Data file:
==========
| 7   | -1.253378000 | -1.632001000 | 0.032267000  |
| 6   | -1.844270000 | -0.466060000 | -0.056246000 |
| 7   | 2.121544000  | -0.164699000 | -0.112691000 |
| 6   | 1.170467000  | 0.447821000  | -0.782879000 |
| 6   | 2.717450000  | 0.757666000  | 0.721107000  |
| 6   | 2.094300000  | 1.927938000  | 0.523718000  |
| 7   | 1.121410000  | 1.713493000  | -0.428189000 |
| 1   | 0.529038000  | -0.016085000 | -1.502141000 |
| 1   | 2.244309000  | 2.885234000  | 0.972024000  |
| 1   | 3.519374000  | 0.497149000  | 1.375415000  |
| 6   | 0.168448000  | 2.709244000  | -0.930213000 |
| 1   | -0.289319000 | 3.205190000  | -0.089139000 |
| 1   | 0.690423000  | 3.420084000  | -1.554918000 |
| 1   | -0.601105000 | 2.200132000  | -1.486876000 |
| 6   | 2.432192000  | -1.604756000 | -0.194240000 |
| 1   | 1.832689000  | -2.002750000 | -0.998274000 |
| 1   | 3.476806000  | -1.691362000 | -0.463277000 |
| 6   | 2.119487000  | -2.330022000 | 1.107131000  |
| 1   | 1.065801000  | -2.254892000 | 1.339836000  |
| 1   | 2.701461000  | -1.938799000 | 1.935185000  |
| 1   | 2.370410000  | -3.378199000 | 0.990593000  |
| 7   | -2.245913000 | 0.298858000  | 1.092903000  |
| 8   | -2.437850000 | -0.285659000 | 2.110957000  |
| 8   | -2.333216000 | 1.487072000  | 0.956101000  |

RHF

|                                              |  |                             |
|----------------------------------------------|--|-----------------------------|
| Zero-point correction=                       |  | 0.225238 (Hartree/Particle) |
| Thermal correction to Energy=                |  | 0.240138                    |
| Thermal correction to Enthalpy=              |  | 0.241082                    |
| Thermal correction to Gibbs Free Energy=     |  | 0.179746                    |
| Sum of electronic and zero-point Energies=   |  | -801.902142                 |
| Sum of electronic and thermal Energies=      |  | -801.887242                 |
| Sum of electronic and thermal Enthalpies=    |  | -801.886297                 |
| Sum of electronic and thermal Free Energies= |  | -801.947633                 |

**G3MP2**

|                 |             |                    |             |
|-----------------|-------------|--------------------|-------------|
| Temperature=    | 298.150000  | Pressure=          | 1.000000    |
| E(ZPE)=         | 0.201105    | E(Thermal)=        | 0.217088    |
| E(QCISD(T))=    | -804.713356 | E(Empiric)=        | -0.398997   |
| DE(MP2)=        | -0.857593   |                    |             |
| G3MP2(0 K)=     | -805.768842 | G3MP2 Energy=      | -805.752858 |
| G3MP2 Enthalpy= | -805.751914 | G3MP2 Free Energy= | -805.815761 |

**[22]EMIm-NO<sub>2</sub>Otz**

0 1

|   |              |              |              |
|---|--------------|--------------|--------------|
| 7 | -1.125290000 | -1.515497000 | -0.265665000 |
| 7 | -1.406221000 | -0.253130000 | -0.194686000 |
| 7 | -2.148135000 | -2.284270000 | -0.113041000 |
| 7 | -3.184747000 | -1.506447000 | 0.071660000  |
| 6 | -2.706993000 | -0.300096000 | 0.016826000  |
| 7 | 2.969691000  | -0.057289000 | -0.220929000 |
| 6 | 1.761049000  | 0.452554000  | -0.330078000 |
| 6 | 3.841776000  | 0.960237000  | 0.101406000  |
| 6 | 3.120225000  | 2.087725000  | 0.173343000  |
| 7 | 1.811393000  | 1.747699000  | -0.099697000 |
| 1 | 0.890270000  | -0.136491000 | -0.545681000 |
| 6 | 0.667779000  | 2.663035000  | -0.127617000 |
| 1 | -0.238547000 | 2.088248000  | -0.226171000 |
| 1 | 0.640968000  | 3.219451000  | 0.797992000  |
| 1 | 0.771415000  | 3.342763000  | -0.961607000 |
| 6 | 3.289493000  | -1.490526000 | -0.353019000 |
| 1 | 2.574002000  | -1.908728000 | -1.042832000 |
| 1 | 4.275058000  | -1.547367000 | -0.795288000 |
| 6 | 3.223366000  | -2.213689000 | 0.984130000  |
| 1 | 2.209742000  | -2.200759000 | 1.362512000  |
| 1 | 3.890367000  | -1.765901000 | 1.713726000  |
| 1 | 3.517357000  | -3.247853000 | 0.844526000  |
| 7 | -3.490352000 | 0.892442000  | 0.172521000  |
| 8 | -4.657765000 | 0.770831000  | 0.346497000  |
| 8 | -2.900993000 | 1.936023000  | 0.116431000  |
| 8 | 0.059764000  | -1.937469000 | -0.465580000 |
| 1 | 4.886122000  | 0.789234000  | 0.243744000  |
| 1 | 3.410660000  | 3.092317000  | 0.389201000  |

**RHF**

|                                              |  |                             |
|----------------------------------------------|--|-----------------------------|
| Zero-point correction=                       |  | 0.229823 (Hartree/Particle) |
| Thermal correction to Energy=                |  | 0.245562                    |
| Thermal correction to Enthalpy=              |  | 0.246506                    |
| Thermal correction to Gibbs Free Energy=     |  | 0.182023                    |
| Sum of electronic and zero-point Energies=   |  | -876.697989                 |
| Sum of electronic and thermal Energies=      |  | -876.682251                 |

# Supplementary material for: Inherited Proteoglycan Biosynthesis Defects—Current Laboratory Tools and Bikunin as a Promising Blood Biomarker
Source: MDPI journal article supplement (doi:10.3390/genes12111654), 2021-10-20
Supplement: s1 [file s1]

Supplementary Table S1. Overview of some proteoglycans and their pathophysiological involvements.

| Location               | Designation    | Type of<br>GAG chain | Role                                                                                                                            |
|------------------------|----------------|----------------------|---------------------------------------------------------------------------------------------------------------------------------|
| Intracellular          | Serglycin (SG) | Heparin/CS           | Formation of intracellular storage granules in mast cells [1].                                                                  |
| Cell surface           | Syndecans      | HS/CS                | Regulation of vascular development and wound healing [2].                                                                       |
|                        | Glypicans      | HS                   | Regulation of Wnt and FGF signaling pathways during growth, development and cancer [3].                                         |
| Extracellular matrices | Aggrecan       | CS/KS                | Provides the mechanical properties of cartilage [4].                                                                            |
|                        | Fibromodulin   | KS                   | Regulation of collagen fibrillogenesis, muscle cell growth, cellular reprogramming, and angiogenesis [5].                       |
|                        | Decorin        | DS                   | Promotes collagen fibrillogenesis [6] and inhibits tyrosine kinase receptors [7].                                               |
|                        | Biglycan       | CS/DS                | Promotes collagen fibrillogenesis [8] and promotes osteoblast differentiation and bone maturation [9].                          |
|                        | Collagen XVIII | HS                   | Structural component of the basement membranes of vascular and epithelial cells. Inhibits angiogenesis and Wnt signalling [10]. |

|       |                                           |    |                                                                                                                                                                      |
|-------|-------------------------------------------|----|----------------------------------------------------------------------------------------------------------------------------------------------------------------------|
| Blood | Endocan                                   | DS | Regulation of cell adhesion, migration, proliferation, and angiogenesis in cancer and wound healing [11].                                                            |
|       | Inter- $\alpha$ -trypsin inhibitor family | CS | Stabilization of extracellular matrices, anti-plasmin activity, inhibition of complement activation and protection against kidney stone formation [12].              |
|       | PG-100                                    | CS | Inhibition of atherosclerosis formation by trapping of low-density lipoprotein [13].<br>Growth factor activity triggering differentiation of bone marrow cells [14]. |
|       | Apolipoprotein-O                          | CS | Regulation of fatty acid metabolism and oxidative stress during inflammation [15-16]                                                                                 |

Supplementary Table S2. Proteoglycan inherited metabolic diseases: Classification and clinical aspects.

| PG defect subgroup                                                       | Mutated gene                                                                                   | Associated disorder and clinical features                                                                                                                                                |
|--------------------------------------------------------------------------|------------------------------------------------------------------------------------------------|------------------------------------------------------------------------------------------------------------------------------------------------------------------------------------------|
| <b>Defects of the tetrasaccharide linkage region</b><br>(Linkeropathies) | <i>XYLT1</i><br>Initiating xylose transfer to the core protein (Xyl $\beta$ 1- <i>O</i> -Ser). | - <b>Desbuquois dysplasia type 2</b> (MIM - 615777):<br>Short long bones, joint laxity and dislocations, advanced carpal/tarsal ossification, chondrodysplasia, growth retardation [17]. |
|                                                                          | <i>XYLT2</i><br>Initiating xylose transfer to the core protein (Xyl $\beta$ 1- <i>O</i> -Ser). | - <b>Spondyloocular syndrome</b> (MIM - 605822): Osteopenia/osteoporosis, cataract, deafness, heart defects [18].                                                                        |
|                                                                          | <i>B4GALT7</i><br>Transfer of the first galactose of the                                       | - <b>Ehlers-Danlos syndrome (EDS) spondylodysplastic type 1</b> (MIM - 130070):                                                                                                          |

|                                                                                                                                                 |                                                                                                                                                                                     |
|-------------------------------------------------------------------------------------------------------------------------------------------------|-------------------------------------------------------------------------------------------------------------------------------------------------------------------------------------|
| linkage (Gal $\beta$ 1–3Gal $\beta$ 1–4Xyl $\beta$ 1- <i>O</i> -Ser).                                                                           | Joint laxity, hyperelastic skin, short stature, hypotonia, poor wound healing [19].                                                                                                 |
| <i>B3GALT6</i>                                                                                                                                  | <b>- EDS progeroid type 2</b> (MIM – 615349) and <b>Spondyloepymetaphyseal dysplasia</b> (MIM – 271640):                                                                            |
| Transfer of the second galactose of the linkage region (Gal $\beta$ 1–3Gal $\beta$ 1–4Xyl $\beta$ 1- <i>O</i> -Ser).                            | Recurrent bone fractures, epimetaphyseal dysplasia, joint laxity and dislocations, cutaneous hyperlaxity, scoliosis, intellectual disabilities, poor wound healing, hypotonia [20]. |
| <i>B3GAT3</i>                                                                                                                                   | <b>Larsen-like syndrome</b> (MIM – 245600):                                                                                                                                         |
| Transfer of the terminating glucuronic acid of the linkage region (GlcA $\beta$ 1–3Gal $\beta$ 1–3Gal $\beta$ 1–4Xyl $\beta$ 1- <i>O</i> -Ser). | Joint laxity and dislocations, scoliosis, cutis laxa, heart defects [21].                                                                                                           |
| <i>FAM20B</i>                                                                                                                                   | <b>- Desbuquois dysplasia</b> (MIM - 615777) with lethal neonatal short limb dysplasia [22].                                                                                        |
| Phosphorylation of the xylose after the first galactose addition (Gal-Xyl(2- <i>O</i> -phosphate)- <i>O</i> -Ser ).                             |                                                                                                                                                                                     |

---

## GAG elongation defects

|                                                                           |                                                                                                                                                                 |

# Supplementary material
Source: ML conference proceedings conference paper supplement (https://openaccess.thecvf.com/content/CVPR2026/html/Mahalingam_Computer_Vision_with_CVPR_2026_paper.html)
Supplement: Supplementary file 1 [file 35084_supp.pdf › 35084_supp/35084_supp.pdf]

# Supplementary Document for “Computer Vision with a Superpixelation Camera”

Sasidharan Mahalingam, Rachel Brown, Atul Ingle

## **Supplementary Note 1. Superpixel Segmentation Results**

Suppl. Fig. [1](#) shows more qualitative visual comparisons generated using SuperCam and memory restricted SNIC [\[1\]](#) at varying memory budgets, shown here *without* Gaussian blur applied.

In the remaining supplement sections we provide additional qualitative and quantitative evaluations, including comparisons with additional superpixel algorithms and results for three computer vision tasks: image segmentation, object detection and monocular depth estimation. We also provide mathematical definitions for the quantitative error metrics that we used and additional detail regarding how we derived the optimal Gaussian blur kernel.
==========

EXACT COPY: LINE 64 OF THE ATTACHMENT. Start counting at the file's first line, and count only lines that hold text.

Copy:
| 6 | 3.289493000  | -1.490526000 | -0.353019000 |